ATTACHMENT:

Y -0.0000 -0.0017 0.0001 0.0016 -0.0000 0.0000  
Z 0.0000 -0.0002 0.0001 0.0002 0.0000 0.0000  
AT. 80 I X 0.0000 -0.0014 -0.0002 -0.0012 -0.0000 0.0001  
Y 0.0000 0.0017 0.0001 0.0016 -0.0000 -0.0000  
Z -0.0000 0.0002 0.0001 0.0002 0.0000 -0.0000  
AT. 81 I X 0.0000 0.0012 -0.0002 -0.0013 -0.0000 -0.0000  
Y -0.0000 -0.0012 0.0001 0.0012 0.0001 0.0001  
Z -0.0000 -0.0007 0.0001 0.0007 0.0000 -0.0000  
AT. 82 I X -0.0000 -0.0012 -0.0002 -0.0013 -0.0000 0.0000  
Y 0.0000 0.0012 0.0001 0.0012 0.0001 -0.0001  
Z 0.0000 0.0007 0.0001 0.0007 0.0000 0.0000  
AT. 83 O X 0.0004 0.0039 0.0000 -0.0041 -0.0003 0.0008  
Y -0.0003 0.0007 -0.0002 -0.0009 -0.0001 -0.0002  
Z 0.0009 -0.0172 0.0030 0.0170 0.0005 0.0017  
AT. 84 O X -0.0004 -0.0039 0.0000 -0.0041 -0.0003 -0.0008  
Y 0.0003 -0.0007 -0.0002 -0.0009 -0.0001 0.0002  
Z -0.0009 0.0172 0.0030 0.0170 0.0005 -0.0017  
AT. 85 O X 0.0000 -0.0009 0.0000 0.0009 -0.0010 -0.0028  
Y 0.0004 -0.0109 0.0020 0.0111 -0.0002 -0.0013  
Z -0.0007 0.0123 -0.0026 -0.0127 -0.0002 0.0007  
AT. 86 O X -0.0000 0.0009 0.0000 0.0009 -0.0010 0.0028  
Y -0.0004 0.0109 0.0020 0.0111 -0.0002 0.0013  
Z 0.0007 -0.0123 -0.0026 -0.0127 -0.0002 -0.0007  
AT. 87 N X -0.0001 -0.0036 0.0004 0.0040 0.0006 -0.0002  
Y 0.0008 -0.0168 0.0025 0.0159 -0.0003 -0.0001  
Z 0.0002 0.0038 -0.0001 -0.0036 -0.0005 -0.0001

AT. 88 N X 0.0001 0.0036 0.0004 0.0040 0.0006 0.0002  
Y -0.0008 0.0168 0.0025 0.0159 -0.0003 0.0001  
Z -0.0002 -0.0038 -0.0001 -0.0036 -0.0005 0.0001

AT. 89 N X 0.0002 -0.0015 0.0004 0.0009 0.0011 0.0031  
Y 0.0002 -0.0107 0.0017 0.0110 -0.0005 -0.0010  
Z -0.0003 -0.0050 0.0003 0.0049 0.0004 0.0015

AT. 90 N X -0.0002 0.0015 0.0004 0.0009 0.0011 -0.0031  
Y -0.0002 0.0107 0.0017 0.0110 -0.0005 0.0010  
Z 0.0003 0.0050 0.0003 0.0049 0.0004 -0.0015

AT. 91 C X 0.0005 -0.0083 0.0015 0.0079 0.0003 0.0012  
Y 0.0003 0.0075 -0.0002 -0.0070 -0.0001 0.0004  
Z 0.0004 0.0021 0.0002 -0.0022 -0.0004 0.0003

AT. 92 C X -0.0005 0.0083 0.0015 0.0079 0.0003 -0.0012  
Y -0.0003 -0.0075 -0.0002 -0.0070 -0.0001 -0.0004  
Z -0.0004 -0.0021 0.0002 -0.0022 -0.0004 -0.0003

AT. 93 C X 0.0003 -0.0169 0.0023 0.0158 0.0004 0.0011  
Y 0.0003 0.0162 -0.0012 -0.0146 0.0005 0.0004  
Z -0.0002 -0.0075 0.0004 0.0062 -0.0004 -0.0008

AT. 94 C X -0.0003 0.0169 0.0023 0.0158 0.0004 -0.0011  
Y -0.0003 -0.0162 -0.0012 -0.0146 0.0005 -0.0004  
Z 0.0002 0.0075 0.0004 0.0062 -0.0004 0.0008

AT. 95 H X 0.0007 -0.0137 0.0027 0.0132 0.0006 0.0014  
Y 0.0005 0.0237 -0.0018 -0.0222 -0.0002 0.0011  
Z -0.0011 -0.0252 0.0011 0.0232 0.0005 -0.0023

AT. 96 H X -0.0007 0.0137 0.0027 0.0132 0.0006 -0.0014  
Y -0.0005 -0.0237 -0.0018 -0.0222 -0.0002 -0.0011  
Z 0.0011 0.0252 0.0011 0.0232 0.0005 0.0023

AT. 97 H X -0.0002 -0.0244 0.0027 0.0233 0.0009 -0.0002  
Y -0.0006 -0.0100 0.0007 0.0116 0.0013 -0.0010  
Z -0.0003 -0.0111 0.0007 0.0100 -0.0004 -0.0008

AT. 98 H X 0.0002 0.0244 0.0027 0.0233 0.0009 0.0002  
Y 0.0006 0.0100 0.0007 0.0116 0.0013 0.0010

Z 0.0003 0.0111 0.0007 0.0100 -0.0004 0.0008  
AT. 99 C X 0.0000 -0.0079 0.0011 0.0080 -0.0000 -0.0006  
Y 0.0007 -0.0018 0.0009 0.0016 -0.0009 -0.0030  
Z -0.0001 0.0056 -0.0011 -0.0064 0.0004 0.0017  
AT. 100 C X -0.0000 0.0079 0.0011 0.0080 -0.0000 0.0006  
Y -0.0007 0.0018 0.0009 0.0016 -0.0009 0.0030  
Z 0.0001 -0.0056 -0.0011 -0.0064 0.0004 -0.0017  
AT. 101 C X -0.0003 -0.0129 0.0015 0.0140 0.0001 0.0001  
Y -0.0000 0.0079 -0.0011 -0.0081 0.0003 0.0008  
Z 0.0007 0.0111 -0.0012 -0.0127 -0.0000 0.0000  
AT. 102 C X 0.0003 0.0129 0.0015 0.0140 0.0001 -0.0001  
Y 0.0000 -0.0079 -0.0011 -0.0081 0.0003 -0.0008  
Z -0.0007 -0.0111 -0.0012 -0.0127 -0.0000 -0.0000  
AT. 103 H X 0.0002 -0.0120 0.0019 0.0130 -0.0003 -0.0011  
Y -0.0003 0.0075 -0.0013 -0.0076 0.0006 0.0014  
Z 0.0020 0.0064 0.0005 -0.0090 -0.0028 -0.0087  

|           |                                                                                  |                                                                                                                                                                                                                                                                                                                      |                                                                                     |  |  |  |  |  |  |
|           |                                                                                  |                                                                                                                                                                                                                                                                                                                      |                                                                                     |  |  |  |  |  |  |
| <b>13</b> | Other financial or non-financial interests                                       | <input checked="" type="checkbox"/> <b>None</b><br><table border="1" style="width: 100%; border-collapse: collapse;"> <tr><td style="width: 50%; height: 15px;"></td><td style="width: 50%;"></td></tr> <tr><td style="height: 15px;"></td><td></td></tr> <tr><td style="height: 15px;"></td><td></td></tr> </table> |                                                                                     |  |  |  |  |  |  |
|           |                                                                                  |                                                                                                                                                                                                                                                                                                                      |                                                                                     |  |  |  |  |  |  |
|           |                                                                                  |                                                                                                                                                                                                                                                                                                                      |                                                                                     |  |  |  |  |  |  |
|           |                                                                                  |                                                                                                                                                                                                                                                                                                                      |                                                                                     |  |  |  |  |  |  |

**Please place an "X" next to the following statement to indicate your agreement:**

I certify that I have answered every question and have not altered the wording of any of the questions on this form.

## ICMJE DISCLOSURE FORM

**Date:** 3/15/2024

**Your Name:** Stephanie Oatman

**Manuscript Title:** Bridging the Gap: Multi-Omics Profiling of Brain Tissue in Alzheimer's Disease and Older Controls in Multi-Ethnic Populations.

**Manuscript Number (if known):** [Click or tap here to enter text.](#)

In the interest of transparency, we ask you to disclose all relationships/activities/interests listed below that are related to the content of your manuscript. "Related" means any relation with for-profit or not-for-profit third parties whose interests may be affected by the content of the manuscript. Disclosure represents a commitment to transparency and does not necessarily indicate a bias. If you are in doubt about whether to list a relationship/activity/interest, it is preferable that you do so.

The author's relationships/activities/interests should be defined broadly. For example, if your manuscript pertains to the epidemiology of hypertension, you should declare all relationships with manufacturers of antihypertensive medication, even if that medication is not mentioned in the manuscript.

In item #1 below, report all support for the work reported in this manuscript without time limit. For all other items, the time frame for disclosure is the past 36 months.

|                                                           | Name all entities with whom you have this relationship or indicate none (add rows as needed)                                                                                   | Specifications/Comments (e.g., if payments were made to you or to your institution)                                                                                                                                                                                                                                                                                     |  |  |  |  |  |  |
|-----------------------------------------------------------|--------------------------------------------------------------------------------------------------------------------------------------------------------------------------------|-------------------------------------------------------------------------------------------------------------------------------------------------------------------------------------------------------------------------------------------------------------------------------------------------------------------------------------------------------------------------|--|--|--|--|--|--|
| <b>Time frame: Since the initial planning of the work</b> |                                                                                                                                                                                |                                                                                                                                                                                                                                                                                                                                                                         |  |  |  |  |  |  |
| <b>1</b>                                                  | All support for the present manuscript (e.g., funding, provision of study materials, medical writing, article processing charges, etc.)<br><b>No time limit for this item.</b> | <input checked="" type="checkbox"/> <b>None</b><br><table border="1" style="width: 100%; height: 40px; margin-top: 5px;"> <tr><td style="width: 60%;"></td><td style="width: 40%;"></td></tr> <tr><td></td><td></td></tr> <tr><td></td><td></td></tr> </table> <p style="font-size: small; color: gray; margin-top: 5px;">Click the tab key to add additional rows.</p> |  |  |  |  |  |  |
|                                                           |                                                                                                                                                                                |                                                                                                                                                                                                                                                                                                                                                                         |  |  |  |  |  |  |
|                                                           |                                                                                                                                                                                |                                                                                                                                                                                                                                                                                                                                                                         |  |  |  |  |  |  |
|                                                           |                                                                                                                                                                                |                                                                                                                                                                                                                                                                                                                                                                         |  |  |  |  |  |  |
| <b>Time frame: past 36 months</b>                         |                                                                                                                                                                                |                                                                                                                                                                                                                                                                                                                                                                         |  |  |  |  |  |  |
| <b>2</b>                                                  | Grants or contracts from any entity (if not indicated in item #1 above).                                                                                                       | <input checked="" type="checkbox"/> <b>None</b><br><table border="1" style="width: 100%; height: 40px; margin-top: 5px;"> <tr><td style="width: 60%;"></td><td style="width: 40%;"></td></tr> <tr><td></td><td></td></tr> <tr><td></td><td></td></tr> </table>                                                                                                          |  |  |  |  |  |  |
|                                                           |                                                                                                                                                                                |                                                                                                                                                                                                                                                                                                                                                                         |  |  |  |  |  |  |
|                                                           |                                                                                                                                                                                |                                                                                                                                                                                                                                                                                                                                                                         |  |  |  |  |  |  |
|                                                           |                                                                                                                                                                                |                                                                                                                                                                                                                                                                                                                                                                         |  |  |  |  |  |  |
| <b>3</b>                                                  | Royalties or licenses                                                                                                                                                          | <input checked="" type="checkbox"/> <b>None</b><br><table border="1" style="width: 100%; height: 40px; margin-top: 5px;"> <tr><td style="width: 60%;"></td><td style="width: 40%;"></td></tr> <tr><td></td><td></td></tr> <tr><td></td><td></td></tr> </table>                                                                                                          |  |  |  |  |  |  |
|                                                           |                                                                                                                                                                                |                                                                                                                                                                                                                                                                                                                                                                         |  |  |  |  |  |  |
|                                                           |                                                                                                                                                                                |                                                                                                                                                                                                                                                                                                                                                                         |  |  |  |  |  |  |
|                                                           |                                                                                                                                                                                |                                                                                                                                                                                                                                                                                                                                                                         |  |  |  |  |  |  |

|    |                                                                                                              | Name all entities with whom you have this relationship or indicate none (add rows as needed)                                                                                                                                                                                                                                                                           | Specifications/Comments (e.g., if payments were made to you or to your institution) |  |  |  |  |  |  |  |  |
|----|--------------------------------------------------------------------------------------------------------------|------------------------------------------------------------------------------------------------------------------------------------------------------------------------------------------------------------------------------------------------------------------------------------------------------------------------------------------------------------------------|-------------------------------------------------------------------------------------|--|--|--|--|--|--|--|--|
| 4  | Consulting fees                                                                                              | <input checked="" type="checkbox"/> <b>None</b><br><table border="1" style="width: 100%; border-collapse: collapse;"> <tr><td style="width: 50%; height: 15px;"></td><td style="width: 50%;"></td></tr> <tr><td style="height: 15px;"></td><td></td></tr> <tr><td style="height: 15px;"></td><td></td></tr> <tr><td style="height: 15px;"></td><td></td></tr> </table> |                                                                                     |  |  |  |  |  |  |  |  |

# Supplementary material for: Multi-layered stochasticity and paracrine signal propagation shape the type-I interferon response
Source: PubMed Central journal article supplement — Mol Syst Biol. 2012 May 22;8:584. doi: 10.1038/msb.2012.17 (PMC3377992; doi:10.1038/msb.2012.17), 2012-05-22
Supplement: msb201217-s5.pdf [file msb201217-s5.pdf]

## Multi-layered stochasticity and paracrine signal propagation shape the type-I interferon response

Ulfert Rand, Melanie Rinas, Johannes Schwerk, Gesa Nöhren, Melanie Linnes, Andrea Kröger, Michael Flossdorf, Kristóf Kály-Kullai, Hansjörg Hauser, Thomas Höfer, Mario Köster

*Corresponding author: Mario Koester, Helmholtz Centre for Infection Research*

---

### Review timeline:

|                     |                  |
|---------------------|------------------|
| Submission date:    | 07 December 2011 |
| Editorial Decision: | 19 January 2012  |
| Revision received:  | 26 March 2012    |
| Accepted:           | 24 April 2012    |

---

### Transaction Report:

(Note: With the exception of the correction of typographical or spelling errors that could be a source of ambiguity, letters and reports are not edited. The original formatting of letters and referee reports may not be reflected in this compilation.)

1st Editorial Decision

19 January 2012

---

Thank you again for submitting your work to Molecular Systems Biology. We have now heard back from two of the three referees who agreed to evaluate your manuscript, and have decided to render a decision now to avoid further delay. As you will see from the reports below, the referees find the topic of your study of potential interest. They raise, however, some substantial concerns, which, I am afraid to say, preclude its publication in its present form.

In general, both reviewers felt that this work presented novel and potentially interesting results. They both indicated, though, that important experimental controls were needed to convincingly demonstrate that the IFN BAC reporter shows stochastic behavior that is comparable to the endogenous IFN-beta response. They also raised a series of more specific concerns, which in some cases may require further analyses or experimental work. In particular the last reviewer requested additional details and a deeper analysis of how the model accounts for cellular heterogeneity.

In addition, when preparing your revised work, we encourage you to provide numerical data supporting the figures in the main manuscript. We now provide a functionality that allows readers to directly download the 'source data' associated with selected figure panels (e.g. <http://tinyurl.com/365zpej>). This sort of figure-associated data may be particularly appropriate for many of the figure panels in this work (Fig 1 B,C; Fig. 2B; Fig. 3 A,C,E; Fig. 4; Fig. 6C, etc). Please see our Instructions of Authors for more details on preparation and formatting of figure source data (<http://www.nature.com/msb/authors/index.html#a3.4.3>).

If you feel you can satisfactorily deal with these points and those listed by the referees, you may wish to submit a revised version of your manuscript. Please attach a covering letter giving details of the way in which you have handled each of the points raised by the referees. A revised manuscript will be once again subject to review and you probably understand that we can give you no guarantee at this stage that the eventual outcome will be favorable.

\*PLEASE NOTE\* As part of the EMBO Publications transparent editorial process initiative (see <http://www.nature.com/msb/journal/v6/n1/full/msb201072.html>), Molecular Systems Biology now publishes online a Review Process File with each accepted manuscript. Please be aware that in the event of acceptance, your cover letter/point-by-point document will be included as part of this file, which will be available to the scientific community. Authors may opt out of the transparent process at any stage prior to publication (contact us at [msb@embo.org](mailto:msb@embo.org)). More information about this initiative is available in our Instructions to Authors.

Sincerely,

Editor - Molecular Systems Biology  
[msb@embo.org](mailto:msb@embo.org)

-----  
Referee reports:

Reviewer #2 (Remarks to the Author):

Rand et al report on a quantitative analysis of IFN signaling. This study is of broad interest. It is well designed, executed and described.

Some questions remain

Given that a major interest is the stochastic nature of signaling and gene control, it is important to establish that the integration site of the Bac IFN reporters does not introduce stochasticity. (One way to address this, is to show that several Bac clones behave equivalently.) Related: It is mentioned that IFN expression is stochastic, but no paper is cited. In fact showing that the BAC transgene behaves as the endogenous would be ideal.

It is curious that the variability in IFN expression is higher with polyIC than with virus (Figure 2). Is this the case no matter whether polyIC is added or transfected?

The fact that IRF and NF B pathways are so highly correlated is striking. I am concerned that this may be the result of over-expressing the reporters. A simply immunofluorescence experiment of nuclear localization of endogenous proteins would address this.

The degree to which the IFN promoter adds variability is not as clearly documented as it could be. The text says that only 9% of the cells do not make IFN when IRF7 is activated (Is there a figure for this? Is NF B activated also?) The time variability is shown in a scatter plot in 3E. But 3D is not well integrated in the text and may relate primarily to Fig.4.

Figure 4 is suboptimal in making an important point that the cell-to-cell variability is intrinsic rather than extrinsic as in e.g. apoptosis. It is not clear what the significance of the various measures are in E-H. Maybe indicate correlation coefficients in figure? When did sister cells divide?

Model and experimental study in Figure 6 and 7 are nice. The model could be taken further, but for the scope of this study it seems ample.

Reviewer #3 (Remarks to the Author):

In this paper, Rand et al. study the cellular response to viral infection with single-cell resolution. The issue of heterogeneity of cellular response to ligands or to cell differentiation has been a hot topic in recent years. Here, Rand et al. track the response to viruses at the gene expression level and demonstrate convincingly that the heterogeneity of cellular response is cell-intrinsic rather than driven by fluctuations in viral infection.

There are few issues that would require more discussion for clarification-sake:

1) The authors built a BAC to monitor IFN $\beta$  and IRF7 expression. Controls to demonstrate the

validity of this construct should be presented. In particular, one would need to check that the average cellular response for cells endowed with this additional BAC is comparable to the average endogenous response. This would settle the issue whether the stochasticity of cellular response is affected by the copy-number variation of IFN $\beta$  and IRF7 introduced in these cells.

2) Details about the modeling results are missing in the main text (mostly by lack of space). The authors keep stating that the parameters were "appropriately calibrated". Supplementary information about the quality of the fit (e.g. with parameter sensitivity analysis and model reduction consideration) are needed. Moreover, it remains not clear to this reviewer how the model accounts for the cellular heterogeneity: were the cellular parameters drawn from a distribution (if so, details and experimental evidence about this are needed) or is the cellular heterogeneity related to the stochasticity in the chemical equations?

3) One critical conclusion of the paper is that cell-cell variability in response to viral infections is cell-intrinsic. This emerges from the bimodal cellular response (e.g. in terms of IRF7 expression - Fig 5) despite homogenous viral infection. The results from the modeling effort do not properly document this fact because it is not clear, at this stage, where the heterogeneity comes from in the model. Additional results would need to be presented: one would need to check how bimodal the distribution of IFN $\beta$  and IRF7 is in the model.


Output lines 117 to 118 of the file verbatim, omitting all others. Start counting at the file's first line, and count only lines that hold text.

### Review timeline:

|                     |                  |